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Woman wrongly told baby was dead
[Posted: Tue 08/06/2010 www.irishhealth.com]
A Drogheda hospital wrongly told a pregnant woman her baby was dead in her womb and then arranged for her to have an operation to remove the foetus.
The woman, who was supplied with abortion-inducing medicine, managed to save her baby's life after she sought a second opinion from her GP, according to a report in the Irish Independent.
Out-of-date and unsuitable equipment and shoddy work practices at Our Lady of Lourdes Hospital in Drogheda were cited as contributory faitors to the incident.
But despite this, some of the faulty equipment identified in a report into the incident was still being used six months later.
Melissa Redmond, from north Dublin, presented herself for an internal scan eight weeks into her pregnancy on July 22 last year and was told she had miscarried.
She and her husband Michael agreed that she should have a D&C procedure to have their "dead" child removed.
Mrs Redmond was also given the abortifacient drug, Cytotec, to take on the morning of the operation.
However, she decided to visit her GP for a second opinion.
A heartbeat showed up on the external scan, confirming their baby was still alive and the baby was born in March this year.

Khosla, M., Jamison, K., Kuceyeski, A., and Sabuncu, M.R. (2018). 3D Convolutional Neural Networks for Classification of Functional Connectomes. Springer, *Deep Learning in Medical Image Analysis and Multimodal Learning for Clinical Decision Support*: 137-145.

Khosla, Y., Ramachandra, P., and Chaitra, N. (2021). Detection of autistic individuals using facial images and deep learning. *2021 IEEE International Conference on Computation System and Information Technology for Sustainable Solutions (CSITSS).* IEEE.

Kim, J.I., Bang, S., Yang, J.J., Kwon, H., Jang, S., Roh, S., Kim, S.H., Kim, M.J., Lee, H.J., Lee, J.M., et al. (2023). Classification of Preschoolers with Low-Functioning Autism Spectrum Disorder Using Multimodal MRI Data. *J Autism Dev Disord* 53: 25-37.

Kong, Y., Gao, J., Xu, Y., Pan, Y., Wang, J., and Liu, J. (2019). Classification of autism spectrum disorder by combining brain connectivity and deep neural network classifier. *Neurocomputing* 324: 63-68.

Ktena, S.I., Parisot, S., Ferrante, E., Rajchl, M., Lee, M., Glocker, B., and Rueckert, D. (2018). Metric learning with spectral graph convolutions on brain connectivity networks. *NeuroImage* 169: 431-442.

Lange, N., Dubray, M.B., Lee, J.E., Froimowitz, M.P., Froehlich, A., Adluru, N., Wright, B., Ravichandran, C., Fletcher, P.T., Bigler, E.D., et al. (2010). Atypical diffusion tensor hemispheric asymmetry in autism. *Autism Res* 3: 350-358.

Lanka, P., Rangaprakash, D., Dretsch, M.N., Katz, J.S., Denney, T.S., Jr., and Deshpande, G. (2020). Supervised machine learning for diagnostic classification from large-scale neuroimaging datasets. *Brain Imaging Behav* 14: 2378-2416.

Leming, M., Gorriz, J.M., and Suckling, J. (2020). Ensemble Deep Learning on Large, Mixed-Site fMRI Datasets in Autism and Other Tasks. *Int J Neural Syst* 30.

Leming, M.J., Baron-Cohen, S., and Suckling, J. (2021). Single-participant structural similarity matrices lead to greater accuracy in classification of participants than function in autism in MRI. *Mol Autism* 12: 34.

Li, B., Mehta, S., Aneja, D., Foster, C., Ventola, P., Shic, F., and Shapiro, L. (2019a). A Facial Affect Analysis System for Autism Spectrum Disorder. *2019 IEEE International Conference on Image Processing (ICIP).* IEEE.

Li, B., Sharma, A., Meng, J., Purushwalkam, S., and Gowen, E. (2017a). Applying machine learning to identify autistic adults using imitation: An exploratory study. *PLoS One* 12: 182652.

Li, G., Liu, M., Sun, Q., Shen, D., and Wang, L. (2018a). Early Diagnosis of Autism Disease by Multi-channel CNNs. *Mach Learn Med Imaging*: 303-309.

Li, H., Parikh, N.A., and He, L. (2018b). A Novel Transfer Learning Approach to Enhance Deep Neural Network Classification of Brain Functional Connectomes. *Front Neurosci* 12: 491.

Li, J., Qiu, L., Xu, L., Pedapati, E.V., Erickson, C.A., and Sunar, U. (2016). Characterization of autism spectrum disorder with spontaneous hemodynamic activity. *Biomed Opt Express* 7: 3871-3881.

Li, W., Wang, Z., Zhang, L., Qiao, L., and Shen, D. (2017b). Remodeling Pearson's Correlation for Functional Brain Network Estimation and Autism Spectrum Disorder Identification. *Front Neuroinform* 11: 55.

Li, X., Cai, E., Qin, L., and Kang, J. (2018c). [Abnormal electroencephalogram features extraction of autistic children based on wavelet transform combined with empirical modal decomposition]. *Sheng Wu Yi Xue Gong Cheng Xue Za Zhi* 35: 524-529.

A report into the incident found the diagnosis was based on the opinion of one doctor, while best practice suggests that another scanner, preferably an experienced sonographer, should confirm the diagnosis before it is made.
In the report, the hospital made eight recommendations to improve its facilities, key elements of which have apparently not yet been acted on. Other recommendations were only acted upon months after the misdiagnosis.
Other findings in the report were that the six-year-old scanning machine used on Mrs Redmond was not adequate to assess accurately early pregnancies and their complications;the examination couch was not suitable; there were no guidelines on scanning techniques and there was a lack of permanent, trained scan staff attached to the hospital's early pregnancy unit.
According to the Independent report, the hospital has yet to recuruit a dedicated ultrasonographer as recommended.
As the faulty scanner was only replaced last January, there are concerns on whether there may have been other mistaken diagnoses of babies being dead in the mother's womb.
The HSE said it was unlikely that an investigation would be carried out to see if similar incidents had happened with other women attending Our Lady of Lourdes Hospital who had been told they had miscarried.
It said the hospital would usually be aware of such "near misses."
The HSE said following its review of the incident, no patient is prescribed the Cytotec abortifacient drug prior to a D&C until the the fact that a baby is dead in the womb has been confirmed by a qualified sonographer and a second scan taken.
It said a consultant has now given instruction to junior doctors in the correct methodology of scanning for early pregnancy and that consultant is engaged in verifying with all scanning juniors "with a view to signing off on their competence."
In addition, a suitable couch is now in place to allow transvaginal scanning abd a dedicated qualified sonographer will be appointed to the early pregnancy unit from next month.
The incident is the latest in a series of patient scandals that have hit the Drogheda hospital in recent years.
See also 'Another week, another scandal...'
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